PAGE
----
My message to our rūnanga throughout NZNO is: stay true to your tikanga and never forget that your tipuna are always with you and have your back.

To end this article I would like to share something that keynote speaker Moana Jackson said. “If we don’t know who we are, we won’t know where we’ve come from or where we’re going.”

Mauri ora!


Mask up or ship out?!

maskThe issue of vaccinations and the flu vaccination in particular has been on our agenda over the past few months, as it has been for the sector.  In 2015, despite improved uptake of the flu vaccination amongst DHB employees, one DHB (Waikato) has still taken a punitive approach to non vaccinated staff, insisting they wear masks when in direct patient contact or risk suspension and disciplinary procedures.

We felt at this time it might be appropriate to discuss the role of NZNO in this matter. Amongst our membership we have the full spectrum from those passionately in favor of vaccinations, to those equally against.  So should the union even have a view and if so on what basis?

So starting with the right not to be vaccinated – we all have that right.  Being injected against our will is assault, pure and simple.  In addition, when in receipt of healthcare, everyone is covered by the HDC Code of (patient) Rights.  This provides for the right to informed consent and the right to say “no”.  It also provides for the right to be treated with respect.  Given one role of NZNO is the legal protection of member’s rights, enforcing the right not to be vaccinated goes without question.

The issue of vaccination largely comes down to an individual view (I do or do not wish to be vaccinated because I…) or a collective one.  On the latter, there is both a public health good derived from vaccinations and an employment one. The former relates to the reduced spread of disease and therefore harm, especially amongst those in our communities who are most vulnerable, and the latter, lack of staff to treat the sick due to staff themselves being sick. And yes for the DHBs fewer sick days and so less cost, is attractive.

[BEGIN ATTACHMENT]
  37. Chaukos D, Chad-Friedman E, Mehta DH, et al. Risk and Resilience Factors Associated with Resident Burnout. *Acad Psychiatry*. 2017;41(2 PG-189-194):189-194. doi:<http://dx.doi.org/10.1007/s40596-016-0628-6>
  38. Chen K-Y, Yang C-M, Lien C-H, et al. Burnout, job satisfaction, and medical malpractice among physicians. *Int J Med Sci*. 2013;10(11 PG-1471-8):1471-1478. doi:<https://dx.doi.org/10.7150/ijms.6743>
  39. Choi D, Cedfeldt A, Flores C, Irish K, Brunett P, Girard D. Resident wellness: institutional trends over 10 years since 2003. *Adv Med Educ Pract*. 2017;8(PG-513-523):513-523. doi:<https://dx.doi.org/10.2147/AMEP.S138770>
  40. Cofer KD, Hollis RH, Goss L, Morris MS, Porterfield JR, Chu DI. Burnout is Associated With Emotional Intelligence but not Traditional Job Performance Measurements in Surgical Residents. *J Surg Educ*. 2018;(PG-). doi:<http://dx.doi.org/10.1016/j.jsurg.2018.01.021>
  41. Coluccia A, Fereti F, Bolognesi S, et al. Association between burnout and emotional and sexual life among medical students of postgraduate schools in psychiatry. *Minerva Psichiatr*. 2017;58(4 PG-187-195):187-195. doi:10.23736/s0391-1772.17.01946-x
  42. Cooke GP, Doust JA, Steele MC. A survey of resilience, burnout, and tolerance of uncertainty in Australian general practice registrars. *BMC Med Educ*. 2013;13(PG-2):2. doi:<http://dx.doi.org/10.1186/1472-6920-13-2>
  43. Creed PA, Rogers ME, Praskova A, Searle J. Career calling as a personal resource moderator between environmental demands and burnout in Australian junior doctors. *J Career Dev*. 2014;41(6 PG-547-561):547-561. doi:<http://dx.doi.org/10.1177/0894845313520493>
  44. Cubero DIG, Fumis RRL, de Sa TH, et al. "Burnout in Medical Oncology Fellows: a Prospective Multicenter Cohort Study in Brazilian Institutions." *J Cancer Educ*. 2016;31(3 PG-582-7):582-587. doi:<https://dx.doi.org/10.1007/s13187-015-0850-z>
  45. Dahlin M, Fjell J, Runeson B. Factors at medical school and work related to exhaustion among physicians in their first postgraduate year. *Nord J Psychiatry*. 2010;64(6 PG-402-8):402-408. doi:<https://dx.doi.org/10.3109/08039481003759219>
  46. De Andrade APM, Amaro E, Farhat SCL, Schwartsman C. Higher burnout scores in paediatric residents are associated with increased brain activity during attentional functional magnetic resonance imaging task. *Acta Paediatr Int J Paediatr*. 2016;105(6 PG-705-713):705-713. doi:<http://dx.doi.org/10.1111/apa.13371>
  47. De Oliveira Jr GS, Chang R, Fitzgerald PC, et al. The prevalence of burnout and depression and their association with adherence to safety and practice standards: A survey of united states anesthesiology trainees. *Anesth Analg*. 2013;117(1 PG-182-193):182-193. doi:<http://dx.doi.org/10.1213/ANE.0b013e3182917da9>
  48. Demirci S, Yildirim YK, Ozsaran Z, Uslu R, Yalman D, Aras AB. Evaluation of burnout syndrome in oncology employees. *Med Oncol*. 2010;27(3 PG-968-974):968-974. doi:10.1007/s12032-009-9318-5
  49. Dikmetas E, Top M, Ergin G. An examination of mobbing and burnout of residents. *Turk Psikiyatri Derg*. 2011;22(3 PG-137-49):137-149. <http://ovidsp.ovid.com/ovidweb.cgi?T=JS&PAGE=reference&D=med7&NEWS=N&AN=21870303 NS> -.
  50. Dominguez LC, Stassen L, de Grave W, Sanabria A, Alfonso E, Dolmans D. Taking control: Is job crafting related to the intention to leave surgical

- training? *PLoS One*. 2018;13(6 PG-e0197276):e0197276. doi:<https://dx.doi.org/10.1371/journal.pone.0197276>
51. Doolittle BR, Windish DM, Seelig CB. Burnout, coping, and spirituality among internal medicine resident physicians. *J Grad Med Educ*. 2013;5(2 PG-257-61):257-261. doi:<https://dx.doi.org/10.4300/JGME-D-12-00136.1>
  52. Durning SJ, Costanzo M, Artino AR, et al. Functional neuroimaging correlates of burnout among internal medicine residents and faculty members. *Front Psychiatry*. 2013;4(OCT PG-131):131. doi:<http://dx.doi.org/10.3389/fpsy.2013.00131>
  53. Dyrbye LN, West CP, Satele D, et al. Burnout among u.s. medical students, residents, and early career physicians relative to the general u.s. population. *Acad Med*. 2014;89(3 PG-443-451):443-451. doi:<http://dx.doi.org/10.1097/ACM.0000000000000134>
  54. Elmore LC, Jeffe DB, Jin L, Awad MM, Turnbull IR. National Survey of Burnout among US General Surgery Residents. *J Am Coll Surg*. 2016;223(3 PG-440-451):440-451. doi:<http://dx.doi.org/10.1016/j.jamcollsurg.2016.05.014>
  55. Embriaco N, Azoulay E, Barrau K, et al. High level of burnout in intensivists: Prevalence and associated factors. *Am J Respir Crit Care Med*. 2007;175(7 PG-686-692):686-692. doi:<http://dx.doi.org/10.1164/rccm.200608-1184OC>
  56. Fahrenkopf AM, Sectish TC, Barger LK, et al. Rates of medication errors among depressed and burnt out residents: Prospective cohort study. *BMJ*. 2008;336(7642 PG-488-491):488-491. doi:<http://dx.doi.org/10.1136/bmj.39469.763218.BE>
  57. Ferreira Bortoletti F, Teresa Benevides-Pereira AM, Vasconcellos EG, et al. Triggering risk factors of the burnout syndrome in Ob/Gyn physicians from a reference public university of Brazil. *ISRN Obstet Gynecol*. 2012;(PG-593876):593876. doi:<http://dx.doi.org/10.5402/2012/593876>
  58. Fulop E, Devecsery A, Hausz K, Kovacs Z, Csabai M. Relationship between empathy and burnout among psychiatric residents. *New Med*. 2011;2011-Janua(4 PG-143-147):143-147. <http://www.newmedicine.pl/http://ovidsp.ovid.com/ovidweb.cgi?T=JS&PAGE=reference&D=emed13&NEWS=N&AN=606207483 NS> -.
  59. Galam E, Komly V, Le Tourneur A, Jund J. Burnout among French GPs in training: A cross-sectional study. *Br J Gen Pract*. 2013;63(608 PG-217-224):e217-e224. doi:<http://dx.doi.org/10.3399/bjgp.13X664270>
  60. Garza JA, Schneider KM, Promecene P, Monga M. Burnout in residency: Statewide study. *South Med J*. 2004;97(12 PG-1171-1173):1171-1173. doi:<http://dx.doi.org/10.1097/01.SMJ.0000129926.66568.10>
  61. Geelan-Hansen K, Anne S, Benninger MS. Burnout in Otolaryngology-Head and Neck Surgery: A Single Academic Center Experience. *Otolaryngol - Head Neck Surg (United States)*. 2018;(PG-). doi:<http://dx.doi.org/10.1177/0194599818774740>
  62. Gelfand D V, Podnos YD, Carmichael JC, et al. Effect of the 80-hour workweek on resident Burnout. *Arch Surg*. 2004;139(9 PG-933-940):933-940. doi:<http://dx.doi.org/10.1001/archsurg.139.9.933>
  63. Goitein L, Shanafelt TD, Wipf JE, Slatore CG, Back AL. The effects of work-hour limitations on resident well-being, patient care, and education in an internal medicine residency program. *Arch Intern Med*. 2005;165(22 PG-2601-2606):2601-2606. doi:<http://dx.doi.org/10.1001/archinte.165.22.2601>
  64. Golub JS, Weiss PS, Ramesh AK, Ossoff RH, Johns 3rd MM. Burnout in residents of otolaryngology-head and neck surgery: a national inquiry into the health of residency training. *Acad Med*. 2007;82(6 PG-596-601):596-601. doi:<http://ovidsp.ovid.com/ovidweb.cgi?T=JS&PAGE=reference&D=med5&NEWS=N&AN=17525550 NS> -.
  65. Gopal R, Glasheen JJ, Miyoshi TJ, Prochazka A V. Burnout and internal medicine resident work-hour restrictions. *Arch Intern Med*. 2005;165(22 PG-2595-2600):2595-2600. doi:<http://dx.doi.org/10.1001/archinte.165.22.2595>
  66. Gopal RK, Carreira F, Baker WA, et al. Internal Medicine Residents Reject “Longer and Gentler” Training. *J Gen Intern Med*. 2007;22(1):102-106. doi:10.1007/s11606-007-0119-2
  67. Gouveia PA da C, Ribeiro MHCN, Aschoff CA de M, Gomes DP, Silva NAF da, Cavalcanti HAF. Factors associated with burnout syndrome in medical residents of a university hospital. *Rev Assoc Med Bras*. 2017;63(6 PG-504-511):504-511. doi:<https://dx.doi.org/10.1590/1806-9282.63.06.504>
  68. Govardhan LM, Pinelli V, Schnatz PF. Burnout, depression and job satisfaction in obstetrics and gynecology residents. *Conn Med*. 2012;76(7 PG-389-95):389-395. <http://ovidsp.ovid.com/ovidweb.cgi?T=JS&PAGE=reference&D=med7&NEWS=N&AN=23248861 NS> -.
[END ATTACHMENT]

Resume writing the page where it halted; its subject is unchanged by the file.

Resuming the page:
Evidence confirms that whilst not a perfect remedy, vaccination is the best mechanism we have to prevent the spread of disease and the human toll that disease represents. Herd immunity, where vaccination rates are high enough to stem the spread of disease and therefore protect a community, is the goal.

The flu vaccine is not 100% effective. Each year the vaccine must be reconstituted to capture the new strains of flu that emerge.  The flu virus is a nasty little beast that genetically morphs from year to year, hence its success as an organism!  As impressive as this may be, lets not forget, it also kills. Regardless of your view on vaccination, this virus is not the common cold we can all expect to suffer most years.  It is a serious and life threatening virus that has caused millions to die.

When the unions and DHBs (in the forum known as NBAG) collectively came together to investigate the issue what became clear was that a positive, educative and supportive approach to the issue of vaccinations was far more successful than punitive, threatening or negative.  If the overall motivation is community good through protection from disease, having people “on board” is going to more effective than the resistance a negative approach inevitably engenders.  This is not so much about vaccinations per se, but about how we approach the issue.

Acknowledging that employees can’t be required to be vaccinated, what about the DHBs ability to decide what to do with the non vaccinated staff?  In fairness NBAG didn’t even go there (at that time).  We agreed a positive and constructive approach was better and looked (amongst other things) to whether the unions had a role in leadership on this issue, thereby in effect avoiding a negative reaction that some DHBs might have in the face of non vaccination. The answer was yes: better to keep members out of trouble whilst recognising everyone has rights.